Wednesday, September 19, 2018

Faux Brick wall ($100 Room Challenge)

When I was brainstorming on what to do with our room, I knew I wanted to do something with the wall directly behind our bed. I actually hit pinterest for a few ideas and then walked through the aisles of Home Depot for a bit of inspiration. I contemplated a pallet wood wall or ship lap, but wasn't sold on either idea 100%. 

I really liked this pallet wood looking panel in the above left picture, but was really hoping for a brighter look in our room. And, the beadboard look is always amazing, but I wanted something slightly different. Plus, I plan to use beadboard (my friend and I found in a construction sites' dumpster) as my backsplash in the kitchen. 
I absolutely love Sawdust 2 Stitches wall they created in their space, and wanted mine to be similar. So, I opted to go with the faux brick paneling.
My sweet six year old took a trip to Home Depot with me and picked out 3 panels of our brick paneling. We had a time trying to get them to fit into our van, but we made it work. 
I am thankful for a table saw because it made cutting the panels much easier. We definitely figured out quickly that these panels are not completely square around the edges, so if you plan to do this don't let that be alarming. I solved that problem by an easy fix later in the process. 
Thankfully, there was only one hole we had to jigsaw out for the outlet in the center panel. A good dose of liquid nails (found in my husband's stash) and a few finish nails into the studs was the perfect way to attach the panels to the wall. We used the board to keep the center one in place while we positioned the other two panels trying to match up the brick rows, etc.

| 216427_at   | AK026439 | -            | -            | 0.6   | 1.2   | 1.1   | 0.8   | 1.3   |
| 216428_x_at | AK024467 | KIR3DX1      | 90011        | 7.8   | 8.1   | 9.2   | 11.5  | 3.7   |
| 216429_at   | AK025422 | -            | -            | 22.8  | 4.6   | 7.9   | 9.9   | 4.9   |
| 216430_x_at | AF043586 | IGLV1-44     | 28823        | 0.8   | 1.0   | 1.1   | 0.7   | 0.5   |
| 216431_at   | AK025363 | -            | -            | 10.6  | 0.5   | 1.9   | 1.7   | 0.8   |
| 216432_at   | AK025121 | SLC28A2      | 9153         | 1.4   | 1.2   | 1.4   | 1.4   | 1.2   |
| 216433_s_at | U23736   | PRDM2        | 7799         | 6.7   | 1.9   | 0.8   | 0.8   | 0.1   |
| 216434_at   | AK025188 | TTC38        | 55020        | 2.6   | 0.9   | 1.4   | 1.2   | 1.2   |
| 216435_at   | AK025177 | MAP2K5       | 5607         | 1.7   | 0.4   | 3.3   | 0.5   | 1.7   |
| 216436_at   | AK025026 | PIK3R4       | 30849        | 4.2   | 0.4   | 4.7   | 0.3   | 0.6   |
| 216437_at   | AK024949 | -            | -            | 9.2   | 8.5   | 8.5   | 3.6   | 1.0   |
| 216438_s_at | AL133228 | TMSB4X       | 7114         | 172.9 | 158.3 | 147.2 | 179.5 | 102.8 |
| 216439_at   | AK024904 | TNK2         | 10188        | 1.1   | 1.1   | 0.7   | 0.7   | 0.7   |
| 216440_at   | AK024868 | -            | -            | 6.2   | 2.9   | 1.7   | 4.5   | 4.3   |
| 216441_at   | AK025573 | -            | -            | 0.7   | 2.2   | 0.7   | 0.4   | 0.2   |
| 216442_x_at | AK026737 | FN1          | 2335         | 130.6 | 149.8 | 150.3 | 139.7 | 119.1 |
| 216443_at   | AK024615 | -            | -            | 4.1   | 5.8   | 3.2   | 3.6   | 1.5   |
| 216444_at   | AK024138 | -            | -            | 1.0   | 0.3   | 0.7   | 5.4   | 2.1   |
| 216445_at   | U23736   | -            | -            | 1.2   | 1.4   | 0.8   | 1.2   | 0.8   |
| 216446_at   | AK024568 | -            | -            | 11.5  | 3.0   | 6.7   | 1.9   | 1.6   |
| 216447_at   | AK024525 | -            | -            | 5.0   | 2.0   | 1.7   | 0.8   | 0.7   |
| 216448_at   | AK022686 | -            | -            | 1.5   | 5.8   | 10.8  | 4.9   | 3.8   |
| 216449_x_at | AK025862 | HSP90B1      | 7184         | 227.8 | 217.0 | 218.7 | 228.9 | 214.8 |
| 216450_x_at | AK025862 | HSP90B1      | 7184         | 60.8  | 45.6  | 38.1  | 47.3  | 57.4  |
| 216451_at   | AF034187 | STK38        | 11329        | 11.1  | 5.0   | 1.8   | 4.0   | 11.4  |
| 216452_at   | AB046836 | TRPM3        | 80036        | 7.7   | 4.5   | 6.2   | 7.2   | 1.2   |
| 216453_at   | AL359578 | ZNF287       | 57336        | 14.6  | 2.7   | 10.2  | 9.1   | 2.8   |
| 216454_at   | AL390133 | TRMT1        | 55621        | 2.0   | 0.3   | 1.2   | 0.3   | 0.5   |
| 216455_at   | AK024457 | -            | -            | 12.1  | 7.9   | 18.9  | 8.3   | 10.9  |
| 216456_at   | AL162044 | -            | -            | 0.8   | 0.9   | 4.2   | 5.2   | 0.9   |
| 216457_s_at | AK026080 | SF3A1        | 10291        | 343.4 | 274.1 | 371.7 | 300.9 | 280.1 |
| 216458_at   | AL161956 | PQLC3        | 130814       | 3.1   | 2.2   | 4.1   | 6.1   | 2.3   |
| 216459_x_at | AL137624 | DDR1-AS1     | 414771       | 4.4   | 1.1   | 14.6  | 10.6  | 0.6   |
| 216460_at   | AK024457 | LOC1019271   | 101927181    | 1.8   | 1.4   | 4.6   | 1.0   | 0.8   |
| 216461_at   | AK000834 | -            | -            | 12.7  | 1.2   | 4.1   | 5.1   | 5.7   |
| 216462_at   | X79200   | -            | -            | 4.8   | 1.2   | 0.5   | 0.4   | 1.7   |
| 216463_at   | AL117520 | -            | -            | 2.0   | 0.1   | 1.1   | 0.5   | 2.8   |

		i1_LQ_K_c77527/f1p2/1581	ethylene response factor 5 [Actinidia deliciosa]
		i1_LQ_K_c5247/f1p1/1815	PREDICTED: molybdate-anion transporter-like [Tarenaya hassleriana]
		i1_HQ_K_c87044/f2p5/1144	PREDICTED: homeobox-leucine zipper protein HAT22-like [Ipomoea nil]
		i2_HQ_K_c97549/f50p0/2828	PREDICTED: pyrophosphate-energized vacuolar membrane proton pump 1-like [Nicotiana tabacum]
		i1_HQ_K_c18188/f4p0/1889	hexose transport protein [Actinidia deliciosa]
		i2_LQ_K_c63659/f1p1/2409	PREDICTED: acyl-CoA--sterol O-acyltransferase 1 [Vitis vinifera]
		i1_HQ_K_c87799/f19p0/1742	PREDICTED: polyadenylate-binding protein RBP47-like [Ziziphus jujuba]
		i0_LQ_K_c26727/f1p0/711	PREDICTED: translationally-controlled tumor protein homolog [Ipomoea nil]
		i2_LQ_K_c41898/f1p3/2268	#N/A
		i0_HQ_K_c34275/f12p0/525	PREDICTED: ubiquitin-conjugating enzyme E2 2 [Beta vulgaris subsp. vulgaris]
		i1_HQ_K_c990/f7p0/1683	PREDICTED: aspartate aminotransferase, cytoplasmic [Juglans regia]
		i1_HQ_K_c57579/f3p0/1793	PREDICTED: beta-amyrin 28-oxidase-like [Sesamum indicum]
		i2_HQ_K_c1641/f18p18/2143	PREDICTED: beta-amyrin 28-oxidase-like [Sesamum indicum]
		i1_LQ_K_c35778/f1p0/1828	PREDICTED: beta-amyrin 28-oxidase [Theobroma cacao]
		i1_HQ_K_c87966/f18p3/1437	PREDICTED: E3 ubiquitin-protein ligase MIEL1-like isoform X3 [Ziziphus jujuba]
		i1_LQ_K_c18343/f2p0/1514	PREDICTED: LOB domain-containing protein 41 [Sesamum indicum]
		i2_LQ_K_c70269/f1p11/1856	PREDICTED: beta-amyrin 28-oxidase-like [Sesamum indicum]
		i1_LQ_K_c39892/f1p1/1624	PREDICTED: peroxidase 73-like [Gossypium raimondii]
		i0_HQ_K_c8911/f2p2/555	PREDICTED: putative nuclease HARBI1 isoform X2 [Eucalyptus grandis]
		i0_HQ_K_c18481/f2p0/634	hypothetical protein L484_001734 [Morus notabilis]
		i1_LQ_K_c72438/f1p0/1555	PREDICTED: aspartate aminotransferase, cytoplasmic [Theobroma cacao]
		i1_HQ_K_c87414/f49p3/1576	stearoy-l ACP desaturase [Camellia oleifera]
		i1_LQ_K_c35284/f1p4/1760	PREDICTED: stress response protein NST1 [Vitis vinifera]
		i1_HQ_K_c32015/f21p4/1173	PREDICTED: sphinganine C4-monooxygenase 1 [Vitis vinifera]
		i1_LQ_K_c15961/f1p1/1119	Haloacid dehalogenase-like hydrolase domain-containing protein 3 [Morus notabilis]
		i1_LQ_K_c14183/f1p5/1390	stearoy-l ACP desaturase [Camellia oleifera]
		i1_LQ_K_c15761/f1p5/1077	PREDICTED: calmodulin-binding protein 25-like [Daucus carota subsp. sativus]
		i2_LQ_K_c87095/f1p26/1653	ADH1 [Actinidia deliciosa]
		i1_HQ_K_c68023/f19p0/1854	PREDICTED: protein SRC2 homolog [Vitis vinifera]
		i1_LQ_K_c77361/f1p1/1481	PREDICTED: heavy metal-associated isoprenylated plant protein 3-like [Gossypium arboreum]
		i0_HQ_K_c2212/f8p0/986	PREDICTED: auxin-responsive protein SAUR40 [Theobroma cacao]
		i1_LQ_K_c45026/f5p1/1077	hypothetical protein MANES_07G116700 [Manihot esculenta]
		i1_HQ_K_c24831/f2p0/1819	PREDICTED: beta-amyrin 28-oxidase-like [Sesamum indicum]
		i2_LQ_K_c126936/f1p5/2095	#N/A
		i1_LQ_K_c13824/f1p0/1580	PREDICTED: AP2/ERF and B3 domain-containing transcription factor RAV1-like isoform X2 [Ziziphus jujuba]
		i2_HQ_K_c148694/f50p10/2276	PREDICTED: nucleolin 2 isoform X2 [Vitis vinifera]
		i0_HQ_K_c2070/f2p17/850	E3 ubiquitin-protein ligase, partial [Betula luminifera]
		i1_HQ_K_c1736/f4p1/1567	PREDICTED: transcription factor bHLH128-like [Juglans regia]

I let the wall dry overnight before tackling my "german shmear technique." I did have to add a few more finishing nails to the middle panel the following morning because it seemed to be not as secure around the left side because of the stud placement.
I bought a 12 pound bucket of All purpose Joint compound from Walmart for $5.48. I set to work filling the seams of the panels first allowing them a chance to dry overnight before covering the rest of the panels. 

The following morning, I set to work covering the remainder of the wall. I loved the fact that there is not right or wrong way in doing this process. You can slap on as much as you desire, scrape off if too much, and sand to get the look you desire.
Remember the problem I mentioned about the edges not being perfectly square? I just slapped some joint compound all around the edges to cover the glaring gapes. 
This was the end result of the initial covering. The right side was still very wet, thus the reason it looks different. I let the wall dry overnight again, before attacking the wall with a bit of sand paper and scraping in spots to get the look I wanted.
I had planned to whitewash the wall after my sanding was complete, but friends, I love it just the way it is! I will seal it with a clear coat,(that I have in my stash) but I am fairly confident that I won't be painting it as I had planned. I am so excited to share pictures of the whole room next week.